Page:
An equivalent analysis then needs to be repeated for ice clouds. In order to carry out the analysis for clouds of large vertical growth, such as deep convective clouds, in a strongly sheared environment, the present vertical overlap rules have to be generalized. These topics are currently investigated by the corresponding author of this paper and will be discussed in detail in upcoming studies.
The libRadtran radiative package is still under steady, continuous development. The latter goes hand in hand, inter alia, with its plenty satisfied users worldwide.
The core of the libRadtran package is the uvspec radiative transfer model, which contains several radiative transfer equation (RTE) solvers.
To promote the usage of recently implemented Tripleclouds scheme, which is coded in C programming language, basic guidelines are given below. For a complete description on how to set up the background atmosphere and other input parameters, the reader is referred to the libRadtran user manual, which is included in the software package.
The output quantities involve either radiative fluxes (default) (W m−2) or heating rates (K d−1).
The Tripleclouds radiative solver (termed “
twomaxrnd3C”) as described in Sect. 3 of the present work is thus invoked as demonstrated in Fig. A1.
The cloud fraction vertical profile is specified with the standard libRadtran file
cf.dat. It is important to note that this file determines the cloud fraction of the entire layer cloudiness (sum of optically thick and thin cloudy regions).
The division of the latter into two components is managed via newly introduced parameter
twomaxrnd3C_scale_cf, which corresponds to the parameter α in Eqs. (20) and (21).
The split of averaged cloud water properties into two components is not yet automated; rather, the user is asked to preprocess both cloud files depending on his/her specific needs.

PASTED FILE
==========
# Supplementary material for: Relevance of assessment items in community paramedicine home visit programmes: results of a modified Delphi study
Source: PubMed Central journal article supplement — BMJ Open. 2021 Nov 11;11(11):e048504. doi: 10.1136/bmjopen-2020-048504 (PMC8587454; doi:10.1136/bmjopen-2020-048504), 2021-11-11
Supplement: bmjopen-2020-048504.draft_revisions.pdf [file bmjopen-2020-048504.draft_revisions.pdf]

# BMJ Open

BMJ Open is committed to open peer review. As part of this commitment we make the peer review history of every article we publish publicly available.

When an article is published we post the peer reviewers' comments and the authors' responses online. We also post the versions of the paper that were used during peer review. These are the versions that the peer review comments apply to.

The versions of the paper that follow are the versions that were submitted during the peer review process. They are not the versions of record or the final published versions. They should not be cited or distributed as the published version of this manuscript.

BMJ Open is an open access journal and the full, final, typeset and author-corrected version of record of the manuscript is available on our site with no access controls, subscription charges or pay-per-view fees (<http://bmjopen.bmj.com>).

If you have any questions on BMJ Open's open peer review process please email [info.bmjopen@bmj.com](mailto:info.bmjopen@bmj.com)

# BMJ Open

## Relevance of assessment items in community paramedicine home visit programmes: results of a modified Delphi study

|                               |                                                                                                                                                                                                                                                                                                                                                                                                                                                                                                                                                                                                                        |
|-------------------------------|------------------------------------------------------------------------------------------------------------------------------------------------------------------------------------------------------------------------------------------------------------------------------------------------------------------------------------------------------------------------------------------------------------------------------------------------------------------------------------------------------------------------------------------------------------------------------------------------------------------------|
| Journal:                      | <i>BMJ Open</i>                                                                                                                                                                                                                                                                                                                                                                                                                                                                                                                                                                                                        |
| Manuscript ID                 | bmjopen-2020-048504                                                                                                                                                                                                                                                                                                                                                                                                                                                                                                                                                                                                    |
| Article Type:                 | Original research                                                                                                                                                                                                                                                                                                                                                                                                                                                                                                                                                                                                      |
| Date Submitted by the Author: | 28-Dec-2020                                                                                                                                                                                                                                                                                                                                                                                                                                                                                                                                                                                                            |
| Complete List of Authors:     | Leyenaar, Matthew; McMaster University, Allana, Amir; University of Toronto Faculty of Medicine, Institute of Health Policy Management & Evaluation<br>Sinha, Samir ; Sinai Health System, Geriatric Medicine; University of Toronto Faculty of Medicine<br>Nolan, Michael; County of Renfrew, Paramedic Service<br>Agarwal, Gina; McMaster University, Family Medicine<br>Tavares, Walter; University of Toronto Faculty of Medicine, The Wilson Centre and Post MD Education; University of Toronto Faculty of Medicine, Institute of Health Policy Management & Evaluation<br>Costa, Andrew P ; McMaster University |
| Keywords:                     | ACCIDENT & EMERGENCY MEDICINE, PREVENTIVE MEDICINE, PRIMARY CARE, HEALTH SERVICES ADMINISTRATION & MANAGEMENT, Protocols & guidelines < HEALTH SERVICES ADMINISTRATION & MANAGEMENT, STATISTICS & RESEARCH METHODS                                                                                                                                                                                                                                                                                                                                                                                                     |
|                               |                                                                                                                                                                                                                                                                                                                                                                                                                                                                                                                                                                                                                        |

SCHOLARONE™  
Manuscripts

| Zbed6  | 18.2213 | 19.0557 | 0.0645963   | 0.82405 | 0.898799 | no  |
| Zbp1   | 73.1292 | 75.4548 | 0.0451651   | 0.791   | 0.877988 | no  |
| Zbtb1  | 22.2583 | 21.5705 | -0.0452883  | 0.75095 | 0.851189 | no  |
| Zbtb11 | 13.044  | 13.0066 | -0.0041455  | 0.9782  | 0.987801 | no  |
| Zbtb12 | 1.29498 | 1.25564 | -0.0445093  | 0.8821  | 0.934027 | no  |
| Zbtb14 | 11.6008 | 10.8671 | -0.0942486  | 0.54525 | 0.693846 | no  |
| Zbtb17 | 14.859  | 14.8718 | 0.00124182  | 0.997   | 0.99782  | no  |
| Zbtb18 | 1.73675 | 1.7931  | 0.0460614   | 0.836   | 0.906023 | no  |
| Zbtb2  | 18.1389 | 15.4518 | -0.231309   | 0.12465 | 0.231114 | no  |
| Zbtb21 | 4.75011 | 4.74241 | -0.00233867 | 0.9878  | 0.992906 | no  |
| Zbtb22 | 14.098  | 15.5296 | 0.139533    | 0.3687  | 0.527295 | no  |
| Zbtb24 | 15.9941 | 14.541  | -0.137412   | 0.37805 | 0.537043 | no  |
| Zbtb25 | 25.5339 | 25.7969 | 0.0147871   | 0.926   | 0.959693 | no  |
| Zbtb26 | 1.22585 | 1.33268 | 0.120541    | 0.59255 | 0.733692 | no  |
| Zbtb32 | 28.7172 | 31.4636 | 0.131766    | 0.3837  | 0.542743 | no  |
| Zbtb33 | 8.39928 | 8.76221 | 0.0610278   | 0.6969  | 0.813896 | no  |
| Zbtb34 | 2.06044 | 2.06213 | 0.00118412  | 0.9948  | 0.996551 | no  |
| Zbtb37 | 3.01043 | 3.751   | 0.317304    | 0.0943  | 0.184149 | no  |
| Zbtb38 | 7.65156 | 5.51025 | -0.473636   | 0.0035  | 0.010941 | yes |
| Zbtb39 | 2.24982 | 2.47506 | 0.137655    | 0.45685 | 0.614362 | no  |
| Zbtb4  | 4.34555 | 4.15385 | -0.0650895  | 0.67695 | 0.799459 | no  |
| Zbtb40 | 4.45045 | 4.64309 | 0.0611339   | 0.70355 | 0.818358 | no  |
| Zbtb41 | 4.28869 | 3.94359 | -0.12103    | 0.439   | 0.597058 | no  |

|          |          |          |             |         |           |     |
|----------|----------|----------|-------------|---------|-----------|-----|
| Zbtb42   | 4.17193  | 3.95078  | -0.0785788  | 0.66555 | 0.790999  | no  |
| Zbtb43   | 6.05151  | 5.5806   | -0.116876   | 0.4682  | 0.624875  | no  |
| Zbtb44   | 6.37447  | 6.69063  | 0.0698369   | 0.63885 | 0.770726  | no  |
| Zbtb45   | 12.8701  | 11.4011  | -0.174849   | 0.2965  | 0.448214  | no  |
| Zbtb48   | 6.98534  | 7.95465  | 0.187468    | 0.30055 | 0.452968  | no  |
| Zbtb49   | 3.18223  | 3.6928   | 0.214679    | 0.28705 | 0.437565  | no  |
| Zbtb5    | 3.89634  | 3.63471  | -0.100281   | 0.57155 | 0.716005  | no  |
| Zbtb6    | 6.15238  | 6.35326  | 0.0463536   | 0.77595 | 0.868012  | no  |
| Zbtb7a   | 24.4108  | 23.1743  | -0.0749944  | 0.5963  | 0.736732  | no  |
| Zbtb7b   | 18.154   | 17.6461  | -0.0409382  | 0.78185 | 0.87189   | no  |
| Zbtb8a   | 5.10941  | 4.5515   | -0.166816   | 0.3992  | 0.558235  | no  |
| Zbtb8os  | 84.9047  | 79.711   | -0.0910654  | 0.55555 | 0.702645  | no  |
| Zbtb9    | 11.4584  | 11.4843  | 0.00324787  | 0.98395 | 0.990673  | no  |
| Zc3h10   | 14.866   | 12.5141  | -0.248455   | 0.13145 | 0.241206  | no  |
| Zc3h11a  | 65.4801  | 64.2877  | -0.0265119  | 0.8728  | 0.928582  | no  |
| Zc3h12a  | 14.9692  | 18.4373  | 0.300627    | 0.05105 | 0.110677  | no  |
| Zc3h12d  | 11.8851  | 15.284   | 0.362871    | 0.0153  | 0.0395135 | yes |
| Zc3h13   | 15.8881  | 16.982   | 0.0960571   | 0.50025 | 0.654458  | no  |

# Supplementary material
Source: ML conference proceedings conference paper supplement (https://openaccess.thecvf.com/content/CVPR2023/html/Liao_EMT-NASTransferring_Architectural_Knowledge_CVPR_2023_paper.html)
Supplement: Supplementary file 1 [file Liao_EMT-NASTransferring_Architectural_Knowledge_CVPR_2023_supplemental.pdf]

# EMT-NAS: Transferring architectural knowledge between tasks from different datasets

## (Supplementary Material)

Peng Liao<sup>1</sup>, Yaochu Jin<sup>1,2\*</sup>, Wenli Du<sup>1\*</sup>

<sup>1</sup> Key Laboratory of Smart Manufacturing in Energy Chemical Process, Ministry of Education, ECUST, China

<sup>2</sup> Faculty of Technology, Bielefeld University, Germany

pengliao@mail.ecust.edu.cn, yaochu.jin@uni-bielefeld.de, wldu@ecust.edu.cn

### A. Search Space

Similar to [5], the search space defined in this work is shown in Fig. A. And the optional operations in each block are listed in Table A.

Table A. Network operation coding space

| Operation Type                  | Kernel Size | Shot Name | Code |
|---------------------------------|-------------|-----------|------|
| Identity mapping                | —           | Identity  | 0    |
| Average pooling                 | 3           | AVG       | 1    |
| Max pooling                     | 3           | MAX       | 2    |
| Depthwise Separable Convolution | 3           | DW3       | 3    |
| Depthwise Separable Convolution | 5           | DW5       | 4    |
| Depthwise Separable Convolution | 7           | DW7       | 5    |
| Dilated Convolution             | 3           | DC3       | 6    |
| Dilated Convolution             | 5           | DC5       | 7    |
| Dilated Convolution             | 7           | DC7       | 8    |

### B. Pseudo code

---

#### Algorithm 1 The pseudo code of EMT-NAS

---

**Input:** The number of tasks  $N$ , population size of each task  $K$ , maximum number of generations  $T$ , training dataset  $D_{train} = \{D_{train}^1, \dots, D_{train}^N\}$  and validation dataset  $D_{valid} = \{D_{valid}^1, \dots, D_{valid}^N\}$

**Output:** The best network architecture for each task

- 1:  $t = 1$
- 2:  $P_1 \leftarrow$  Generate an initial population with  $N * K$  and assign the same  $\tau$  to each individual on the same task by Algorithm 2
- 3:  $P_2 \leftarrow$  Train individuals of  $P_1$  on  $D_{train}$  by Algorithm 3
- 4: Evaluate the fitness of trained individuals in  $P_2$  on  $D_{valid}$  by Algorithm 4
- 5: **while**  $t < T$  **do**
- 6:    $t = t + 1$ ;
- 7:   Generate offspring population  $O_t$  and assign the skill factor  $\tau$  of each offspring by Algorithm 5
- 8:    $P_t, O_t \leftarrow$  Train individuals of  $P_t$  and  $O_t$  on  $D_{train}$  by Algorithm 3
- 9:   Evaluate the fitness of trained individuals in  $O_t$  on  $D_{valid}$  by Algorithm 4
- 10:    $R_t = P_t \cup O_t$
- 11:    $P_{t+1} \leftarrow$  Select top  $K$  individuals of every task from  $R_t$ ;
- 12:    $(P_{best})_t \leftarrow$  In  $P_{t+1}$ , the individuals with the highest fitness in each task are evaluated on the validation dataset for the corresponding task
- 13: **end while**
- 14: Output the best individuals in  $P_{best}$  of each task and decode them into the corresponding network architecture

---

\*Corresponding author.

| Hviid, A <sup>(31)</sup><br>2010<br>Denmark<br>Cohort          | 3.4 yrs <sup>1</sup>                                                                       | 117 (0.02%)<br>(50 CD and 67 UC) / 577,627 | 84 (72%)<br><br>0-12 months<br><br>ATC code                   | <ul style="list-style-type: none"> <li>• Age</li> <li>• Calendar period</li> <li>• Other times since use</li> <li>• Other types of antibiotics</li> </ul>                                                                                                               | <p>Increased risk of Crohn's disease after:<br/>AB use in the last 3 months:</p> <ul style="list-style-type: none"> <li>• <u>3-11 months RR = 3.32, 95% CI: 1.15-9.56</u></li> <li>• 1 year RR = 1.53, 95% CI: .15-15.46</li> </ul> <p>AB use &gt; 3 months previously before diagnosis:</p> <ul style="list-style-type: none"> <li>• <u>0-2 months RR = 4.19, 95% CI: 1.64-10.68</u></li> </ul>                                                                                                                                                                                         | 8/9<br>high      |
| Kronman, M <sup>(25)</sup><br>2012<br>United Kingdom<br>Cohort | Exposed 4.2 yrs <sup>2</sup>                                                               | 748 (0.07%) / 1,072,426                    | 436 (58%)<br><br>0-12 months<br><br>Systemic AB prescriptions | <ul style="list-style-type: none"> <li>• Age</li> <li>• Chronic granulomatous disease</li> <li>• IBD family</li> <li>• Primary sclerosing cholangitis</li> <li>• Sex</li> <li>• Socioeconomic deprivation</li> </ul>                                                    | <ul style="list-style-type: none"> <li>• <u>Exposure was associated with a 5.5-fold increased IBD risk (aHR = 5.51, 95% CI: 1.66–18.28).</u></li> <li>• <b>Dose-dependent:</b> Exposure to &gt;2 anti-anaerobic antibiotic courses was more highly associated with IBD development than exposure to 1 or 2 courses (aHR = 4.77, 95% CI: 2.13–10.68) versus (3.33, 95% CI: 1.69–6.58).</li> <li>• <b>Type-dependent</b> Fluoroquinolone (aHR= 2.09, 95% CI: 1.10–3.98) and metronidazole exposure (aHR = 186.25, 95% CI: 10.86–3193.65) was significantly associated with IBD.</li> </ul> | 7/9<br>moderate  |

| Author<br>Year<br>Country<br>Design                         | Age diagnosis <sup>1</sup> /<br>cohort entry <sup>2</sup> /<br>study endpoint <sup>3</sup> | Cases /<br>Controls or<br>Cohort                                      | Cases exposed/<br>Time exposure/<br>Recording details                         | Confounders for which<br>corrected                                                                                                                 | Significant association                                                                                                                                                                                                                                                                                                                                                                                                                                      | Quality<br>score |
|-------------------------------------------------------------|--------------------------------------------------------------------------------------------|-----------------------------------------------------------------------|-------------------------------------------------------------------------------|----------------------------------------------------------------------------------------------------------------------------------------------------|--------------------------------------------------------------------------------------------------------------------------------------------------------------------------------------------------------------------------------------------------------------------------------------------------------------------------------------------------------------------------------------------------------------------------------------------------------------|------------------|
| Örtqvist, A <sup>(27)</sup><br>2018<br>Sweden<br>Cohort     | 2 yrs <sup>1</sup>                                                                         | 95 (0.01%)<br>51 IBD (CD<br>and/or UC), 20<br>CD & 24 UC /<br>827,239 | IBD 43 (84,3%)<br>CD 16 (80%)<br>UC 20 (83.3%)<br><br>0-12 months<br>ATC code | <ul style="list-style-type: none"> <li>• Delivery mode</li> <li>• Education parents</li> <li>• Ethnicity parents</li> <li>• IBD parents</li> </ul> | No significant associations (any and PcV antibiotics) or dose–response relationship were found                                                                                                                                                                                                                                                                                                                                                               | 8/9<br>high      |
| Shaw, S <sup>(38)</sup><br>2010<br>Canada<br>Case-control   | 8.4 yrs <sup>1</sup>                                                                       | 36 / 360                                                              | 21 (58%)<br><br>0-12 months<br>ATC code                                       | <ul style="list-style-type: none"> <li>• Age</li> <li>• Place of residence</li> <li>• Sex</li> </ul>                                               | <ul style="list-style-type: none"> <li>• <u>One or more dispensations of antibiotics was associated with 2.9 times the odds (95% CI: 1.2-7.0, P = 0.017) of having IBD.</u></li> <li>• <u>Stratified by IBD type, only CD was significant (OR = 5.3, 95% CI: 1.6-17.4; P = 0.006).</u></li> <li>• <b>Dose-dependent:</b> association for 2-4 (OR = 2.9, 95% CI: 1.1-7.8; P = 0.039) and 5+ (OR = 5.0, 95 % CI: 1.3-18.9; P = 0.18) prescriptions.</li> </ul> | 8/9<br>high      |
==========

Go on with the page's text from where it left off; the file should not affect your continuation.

wcn.dat are 1-D water cloud files, defining properties of optically thick and thin cloudy regions, respectively (note that the option
profile_file is solely the generalization of the standard
Whereas the provided example illustrates the treatment of water clouds, the solver can be applied to ice clouds in a similar fashion.
Table B1 contains the transfer (overlap) coefficients for the four cloud geometries depicted in Fig. 8, denoted as case “1-A” (top left panel), “1-B” (bottom left panel), “2-A” (top right panel) and “2-B” (bottom right panel). In order to simplify the handling of various overlap geometries, it is convenient to implement the operator G:
Hence, the generalized overlap coefficients can be formulated as exposed in the rightmost column of Table B1.
In the following, we outline the relationship between , the fractional standard deviation of LWC (herein denoted as fLWC) and the parameters used to describe lognormal and gamma distributions, which were applied to fit the actual LWC distributions.
A lognormal distribution of LWC is defined as
The parameters of the lognormal distribution, LWC0 and σ0, can be defined in terms of and fLWC in the following fashion:
A gamma distribution of LWC is defined as
where Γ(ν) denotes the gamma function and the parameter of the distribution ν is related to fLWC as follows:
NC and BM both contributed to the development of the Tripleclouds radiative solver and its subsequent implementation in libRadtran. NC performed the numerical experiments, evaluated the data and interpreted the results together with BM. NC prepared the manuscript with contributions from BM.
The authors declare that they have no conflict of interest.
The research leading to these results has been done within the subproject “B4: Radiative heating and cooling at cloud scale and its impact on dynamics” of the Transregional Collaborative Research Center SFB/TRR 165 “Waves To Weather”. We thank Fabian Jakub for providing us with the UCLA-LES cloud field data. We further thank Audine Laurian and Mihail Manev for their perceptive comments on an earlier version of the manuscript.
This research has been supported by the Deutsche Forschungsgemeinschaft (DFG) (Transregional Collaborative Research Center SFB/TRR 165 “Waves To Weather”).
This paper was edited by Philip Stier and reviewed by Lazaros Oreopoulos and James Manners.
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We follow the convention of i, j increasing downward from the top of the atmosphere, where i=0, j=1. Index i is used for level variables, while index j is used for layer variables. The N vertical layers, enumerated from 1 to N, are enclosed by (N+1) vertical levels, enumerated from 0 to N.